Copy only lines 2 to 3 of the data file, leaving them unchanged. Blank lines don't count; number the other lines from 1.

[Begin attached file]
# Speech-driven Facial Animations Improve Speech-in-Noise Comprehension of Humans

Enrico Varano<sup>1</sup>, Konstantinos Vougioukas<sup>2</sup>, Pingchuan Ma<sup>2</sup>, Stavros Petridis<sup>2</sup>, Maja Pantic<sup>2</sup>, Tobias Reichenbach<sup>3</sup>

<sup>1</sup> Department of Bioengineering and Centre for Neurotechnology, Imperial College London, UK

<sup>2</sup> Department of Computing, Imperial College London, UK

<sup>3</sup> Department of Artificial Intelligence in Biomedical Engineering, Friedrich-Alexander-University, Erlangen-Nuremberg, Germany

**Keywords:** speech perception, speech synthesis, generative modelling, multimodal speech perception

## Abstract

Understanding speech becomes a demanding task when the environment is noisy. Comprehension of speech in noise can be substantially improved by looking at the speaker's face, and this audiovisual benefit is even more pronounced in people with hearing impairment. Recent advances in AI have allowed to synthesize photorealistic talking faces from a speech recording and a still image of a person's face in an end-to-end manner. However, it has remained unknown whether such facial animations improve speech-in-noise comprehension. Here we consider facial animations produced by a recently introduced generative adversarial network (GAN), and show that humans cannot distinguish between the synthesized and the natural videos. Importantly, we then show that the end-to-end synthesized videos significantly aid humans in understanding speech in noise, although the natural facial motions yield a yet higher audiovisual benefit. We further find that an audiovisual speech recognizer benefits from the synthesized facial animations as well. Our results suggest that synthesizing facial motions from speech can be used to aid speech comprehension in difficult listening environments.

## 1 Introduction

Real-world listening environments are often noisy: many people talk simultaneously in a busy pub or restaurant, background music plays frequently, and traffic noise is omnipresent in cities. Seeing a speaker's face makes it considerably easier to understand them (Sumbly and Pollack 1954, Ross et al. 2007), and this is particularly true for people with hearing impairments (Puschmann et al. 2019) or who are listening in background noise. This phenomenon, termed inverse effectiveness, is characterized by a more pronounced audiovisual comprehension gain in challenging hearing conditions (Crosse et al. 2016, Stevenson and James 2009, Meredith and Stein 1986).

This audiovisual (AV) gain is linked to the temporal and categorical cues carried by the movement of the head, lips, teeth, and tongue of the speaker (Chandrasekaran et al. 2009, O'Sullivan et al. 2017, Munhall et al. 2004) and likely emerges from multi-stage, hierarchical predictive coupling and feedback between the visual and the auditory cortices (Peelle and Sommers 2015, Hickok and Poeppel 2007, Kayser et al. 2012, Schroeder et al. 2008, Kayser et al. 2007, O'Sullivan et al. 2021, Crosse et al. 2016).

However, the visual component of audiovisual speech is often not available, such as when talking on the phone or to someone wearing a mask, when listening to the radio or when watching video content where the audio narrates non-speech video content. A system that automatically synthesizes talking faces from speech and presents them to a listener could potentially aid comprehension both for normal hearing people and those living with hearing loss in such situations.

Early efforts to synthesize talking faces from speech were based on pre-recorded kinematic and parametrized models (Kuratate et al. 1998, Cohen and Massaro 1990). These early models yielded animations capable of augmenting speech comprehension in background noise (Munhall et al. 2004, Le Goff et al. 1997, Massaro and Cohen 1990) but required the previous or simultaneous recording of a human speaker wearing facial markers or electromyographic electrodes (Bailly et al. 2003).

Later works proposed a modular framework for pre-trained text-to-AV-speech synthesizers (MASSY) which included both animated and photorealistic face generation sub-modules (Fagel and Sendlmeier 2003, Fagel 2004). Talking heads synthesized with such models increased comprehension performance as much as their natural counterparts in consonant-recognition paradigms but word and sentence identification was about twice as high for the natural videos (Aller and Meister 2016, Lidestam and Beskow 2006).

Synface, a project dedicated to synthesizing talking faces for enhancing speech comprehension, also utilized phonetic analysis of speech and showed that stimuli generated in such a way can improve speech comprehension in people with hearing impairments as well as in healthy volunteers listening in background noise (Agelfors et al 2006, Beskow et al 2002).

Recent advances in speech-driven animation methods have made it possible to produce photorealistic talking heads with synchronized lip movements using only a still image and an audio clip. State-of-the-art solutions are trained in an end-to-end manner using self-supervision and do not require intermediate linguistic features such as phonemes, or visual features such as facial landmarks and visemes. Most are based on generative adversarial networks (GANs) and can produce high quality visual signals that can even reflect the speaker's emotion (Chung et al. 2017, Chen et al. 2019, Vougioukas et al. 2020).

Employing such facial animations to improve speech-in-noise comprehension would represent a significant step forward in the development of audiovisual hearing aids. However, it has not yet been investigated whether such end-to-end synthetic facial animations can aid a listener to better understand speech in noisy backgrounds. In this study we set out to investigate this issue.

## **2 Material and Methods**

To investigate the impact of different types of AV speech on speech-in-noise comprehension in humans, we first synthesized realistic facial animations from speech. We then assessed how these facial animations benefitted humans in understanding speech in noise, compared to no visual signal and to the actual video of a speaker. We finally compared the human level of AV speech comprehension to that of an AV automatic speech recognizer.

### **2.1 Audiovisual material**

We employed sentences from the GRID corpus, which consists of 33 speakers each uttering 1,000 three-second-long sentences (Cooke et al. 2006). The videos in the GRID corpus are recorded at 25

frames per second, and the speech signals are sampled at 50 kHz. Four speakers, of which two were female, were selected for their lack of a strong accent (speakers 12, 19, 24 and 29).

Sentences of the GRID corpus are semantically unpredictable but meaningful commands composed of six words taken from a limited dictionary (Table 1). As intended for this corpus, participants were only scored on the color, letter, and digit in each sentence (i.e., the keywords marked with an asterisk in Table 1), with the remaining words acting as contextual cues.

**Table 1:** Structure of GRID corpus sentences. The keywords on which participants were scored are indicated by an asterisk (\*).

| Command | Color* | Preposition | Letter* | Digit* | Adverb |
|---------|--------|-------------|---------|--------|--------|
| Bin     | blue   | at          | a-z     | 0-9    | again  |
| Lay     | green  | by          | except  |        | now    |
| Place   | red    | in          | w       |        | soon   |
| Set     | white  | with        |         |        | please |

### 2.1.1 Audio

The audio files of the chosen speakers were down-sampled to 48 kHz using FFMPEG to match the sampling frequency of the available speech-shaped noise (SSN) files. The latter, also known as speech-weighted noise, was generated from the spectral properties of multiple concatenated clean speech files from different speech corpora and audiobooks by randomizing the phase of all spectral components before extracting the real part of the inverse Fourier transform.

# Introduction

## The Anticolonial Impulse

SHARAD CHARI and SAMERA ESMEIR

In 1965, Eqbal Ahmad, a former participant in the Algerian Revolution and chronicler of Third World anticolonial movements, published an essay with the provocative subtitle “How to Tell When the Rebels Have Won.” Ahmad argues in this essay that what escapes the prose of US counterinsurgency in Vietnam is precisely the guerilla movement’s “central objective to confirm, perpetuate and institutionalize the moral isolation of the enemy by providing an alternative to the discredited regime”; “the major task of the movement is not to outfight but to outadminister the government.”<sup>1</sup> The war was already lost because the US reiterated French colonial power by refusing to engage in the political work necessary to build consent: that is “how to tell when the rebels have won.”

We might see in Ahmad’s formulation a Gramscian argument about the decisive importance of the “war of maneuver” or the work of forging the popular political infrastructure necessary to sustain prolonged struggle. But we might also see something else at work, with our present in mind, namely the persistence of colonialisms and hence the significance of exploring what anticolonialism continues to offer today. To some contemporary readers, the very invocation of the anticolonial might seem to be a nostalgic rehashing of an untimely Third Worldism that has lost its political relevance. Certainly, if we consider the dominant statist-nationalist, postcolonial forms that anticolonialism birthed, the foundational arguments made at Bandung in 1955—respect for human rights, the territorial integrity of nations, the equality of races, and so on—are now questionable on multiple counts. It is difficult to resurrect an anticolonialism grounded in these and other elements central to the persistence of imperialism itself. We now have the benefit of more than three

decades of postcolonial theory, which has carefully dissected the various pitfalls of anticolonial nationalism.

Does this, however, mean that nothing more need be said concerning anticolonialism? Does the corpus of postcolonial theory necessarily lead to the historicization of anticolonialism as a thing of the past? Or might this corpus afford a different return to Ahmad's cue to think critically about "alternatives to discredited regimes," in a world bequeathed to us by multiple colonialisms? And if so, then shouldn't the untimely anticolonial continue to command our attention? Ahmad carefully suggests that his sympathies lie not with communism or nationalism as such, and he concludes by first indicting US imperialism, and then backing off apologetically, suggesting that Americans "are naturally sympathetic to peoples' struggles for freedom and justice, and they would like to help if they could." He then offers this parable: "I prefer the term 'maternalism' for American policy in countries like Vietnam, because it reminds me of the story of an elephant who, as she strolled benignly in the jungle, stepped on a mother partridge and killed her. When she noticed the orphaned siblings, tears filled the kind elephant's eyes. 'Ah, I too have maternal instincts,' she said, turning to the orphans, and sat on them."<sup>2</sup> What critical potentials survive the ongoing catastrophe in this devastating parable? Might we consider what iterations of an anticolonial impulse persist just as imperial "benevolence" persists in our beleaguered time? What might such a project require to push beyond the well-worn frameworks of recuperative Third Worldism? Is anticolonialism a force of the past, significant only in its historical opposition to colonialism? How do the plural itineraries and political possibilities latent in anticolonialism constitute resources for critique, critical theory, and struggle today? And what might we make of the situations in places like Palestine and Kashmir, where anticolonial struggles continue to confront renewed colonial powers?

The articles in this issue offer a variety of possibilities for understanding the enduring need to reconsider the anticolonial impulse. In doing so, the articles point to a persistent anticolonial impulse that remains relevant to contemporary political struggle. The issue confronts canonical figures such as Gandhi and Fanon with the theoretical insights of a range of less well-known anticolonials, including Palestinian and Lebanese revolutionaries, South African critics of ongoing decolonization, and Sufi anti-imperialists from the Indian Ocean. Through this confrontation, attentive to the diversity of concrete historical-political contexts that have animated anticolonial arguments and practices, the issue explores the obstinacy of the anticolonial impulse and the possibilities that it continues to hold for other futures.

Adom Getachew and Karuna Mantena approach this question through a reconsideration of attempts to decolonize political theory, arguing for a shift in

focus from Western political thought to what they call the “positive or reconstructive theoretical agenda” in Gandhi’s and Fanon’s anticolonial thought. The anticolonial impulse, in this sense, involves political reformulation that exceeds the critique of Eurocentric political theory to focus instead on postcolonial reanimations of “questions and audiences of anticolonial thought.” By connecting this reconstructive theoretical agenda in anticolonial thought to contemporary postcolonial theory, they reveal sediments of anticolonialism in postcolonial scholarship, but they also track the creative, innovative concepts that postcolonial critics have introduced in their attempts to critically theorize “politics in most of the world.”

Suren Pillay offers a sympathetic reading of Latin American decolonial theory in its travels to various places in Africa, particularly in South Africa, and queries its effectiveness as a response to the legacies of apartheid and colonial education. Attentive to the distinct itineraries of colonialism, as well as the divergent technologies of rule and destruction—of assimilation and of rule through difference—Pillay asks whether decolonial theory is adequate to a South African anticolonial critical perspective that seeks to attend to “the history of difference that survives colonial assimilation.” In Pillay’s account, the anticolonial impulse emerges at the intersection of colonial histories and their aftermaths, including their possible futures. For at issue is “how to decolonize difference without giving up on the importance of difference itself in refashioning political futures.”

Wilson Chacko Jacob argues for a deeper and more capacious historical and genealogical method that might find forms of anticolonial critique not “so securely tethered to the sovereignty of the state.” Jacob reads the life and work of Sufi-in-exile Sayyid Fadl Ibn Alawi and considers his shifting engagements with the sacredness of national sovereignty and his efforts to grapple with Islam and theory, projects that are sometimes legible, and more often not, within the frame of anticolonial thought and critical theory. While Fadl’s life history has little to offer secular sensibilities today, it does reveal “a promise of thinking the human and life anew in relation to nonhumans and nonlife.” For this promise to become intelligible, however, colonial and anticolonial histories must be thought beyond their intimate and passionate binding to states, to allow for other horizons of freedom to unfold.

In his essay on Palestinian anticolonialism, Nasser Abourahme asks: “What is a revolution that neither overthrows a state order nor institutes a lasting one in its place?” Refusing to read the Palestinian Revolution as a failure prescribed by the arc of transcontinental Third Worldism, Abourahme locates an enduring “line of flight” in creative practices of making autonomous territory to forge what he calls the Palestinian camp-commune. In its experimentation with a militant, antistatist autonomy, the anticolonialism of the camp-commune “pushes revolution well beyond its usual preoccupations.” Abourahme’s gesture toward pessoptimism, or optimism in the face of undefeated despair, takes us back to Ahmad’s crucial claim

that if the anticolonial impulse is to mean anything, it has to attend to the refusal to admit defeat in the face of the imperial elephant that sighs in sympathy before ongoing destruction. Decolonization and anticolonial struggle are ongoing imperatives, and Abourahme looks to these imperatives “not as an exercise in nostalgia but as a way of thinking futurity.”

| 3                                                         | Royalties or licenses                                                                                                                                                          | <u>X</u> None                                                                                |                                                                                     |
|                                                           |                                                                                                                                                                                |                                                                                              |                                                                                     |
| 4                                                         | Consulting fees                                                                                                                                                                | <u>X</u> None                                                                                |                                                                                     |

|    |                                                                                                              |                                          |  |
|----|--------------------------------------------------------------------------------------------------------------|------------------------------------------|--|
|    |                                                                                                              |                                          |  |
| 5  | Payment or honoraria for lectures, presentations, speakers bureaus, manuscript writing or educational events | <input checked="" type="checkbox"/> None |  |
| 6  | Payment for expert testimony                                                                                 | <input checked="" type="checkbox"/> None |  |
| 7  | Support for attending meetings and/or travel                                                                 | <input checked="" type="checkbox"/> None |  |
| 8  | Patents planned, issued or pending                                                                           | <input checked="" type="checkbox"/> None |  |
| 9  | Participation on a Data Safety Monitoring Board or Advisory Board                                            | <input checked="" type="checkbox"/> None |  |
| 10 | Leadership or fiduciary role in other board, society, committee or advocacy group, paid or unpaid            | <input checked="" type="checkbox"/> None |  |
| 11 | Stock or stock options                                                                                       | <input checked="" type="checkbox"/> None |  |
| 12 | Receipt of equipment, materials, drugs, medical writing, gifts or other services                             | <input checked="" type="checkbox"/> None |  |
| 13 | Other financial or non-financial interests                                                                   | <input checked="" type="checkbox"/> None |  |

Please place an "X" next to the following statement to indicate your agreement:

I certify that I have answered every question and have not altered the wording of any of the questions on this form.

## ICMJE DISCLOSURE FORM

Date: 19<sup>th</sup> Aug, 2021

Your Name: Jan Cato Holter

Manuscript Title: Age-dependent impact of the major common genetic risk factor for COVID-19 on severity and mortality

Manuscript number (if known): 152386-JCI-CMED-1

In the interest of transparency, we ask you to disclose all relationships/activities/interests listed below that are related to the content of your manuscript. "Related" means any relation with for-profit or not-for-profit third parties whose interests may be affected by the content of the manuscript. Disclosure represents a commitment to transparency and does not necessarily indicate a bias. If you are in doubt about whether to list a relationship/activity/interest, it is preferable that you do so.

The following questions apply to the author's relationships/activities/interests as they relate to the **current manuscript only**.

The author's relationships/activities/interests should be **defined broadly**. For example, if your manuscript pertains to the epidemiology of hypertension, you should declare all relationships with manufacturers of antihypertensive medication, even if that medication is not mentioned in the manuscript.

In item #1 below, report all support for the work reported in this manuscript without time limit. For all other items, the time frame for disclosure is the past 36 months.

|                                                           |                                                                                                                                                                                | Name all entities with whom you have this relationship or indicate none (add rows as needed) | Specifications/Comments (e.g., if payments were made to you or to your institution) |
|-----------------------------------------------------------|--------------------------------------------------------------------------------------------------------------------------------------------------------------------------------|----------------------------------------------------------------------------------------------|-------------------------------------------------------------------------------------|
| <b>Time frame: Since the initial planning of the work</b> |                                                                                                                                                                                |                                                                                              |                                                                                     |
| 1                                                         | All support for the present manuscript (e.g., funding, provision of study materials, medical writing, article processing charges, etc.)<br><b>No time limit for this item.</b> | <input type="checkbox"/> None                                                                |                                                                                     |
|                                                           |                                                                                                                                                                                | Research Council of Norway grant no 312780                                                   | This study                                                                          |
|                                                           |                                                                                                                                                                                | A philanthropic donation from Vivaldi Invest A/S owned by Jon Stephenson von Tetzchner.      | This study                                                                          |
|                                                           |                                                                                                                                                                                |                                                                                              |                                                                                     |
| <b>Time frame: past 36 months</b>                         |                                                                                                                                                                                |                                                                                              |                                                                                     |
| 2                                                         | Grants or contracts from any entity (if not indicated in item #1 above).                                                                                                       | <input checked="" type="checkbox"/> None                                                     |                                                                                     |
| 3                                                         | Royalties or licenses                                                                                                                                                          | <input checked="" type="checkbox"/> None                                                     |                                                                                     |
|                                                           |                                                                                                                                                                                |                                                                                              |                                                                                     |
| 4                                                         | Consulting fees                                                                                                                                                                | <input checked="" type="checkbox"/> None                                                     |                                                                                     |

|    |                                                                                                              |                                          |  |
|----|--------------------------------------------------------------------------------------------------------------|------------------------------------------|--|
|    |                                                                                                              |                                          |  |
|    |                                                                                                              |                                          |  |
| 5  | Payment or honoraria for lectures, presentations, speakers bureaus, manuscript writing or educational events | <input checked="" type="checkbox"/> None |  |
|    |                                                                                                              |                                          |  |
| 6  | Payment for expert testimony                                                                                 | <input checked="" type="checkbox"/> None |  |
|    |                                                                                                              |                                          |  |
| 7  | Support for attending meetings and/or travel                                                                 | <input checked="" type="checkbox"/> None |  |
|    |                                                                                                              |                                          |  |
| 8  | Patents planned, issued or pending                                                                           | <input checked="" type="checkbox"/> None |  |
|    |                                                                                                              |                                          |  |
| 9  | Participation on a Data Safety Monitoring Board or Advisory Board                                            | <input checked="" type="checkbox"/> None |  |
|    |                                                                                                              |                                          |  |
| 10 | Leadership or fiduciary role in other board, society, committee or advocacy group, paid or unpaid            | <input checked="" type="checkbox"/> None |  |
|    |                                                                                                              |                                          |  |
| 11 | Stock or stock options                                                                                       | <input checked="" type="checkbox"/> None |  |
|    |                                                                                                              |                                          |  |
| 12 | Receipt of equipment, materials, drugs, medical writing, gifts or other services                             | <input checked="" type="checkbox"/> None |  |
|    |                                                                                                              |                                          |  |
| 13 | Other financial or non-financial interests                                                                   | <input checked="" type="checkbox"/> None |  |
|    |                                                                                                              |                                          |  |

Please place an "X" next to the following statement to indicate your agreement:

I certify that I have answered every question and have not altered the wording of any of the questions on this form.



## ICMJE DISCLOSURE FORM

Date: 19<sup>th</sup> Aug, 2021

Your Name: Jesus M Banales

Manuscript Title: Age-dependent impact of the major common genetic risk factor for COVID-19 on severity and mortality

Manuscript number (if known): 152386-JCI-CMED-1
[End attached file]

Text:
Enrico Varano<sup>1</sup>, Konstantinos Vougioukas<sup>2</sup>, Pingchuan Ma<sup>2</sup>, Stavros Petridis<sup>2</sup>, Maja Pantic<sup>2</sup>, Tobias Reichenbach<sup>3</sup>

<sup>1</sup> Department of Bioengineering and Centre for Neurotechnology, Imperial College London, UK